Nav: Home

Cigar warnings: Do teens believe them?

December 14, 2016

CHAPEL HILL, NC - A majority of adolescents in the United States report current cigar warning labels to be very believable, according to a new study conducted by doctors and researchers at the University of North Carolina-Chapel Hill. But significant differences exist in the believability of specific cigar warnings, suggesting that more work is needed to establish the best warnings to dissuade youth from smoking cigars.

The study, published in the Journal of Adolescent Health, included a national phone survey of 1,125 adolescents from ages 13 to 17. The survey presented individuals with one of three current cigar health warnings that specifically isolate the risk of cigar smoke:
  • Cigar smoking can cause cancers of the mouth and throat, even if you do not inhale
  • Cigar smoking can cause lung cancer and heart disease.
  • Cigars are not a safe alternative to cigarettes.
The surveyors then asked a number of questions about the believability of the warnings. Three quarters (76.7 percent) of all respondents found it very believable that "cigar smoking can cause lung cancer and heart disease," while just 53.4 percent found it very believable that "cigar smoking can cause cancers of the mouth and throat, even if you do not inhale" and only 49.8 percent found it very believable that "cigars are not a safe alternative to cigarettes."

Respondents were classified as either susceptible - meaning they had used a cigarette or expressed interest in trying one - or non-susceptible. About 17 percent of those surveyed were classified as "susceptible." Adolescents susceptible to using cigarettes were significantly less likely to report the cigar warnings to be very believable. The potential source of the cigar warning (FDA, CDC, the Surgeon General, or none) did not impact surveyors' answers, nor did their race, age, or sex.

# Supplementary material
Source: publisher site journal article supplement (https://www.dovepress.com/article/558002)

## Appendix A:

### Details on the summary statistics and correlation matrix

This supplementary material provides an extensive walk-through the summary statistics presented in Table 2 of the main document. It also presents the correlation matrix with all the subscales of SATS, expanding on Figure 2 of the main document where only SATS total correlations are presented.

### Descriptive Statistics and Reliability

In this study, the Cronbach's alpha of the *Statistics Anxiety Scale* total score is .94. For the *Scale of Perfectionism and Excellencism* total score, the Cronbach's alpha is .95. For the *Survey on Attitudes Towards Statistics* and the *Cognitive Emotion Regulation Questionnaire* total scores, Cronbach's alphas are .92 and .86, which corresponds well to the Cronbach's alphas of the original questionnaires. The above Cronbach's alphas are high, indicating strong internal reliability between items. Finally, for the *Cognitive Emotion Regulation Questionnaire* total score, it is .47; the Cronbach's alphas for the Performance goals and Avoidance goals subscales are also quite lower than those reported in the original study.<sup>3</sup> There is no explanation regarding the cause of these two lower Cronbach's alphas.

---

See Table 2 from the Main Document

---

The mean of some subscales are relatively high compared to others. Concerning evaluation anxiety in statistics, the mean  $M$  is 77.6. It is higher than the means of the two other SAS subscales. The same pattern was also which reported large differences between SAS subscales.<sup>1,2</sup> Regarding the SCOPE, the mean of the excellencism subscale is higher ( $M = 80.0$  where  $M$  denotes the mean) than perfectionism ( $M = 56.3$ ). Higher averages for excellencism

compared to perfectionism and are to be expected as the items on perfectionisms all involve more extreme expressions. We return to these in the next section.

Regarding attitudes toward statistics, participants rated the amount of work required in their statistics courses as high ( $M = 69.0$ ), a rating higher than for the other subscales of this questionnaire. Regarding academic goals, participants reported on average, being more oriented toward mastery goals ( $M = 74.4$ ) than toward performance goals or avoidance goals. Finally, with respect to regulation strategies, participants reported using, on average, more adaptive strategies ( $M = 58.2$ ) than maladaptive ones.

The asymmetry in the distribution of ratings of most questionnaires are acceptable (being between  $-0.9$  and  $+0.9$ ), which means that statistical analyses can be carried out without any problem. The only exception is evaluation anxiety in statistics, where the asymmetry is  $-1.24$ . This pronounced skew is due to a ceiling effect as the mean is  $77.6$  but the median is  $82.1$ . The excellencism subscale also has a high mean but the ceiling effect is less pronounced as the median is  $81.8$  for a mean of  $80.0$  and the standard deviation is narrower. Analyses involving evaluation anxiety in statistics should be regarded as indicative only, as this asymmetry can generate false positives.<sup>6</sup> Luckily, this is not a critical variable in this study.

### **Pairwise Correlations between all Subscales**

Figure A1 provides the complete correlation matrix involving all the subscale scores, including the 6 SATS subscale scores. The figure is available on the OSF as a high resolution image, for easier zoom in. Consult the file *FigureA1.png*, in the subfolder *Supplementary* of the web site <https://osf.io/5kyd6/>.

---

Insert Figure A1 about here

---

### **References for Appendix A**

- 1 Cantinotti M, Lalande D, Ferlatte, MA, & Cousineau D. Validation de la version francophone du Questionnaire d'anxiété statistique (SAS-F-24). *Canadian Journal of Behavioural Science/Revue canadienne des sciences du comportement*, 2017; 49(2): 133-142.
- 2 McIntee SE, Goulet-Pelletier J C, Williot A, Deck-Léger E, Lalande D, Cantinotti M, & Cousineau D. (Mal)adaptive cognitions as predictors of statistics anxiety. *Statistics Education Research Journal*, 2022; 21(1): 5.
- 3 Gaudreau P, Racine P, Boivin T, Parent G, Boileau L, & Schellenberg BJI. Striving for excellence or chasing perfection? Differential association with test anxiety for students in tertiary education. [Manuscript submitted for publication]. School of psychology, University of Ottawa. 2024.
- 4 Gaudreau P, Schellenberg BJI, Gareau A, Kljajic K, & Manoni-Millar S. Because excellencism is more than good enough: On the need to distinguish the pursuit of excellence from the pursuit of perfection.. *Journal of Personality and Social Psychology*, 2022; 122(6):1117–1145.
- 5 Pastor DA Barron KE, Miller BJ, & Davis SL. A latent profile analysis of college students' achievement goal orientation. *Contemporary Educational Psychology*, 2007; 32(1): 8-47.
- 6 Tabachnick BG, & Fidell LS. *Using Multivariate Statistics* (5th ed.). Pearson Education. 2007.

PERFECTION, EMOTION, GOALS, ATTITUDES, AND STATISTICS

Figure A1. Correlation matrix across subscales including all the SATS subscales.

Studies have shown that cigars are one of the most common tobacco products among adolescents in the U.S., with one in 12 adolescents reporting current use of a cigar product.

"This is the first research that has been done to track how young people perceive cigars warning labels," said Sarah Kowitt, doctoral candidate at the UNC Gillings School of Global Public Health and lead author of the study.

"Adolescents may be misguided about the safety of cigar use," said Adam O. Goldstein, MD, MPH, study co-author, professor of family medicine, and member of the UNC Lineberger Comprehensive Cancer Center. "Many still believe that risks of cigars can be mitigated by not inhaling or inhaling less. But we know that cigar smoking can cause serious harm, including cancer and heart disease."

Historically, most tobacco prevention campaigns have been aimed at cigarettes. Some states, such as Maryland, have rolled out cigar-specific campaigns that may help dismantle cigar myths among youth.

While the current cigar warnings were mostly seen as believable, Goldstein said that further study is needed, especially on the impact of graphic cigar warnings in addition to text. Also, the UNC researchers suggest continued study to develop warnings that have the maximum impact on susceptible adolescents.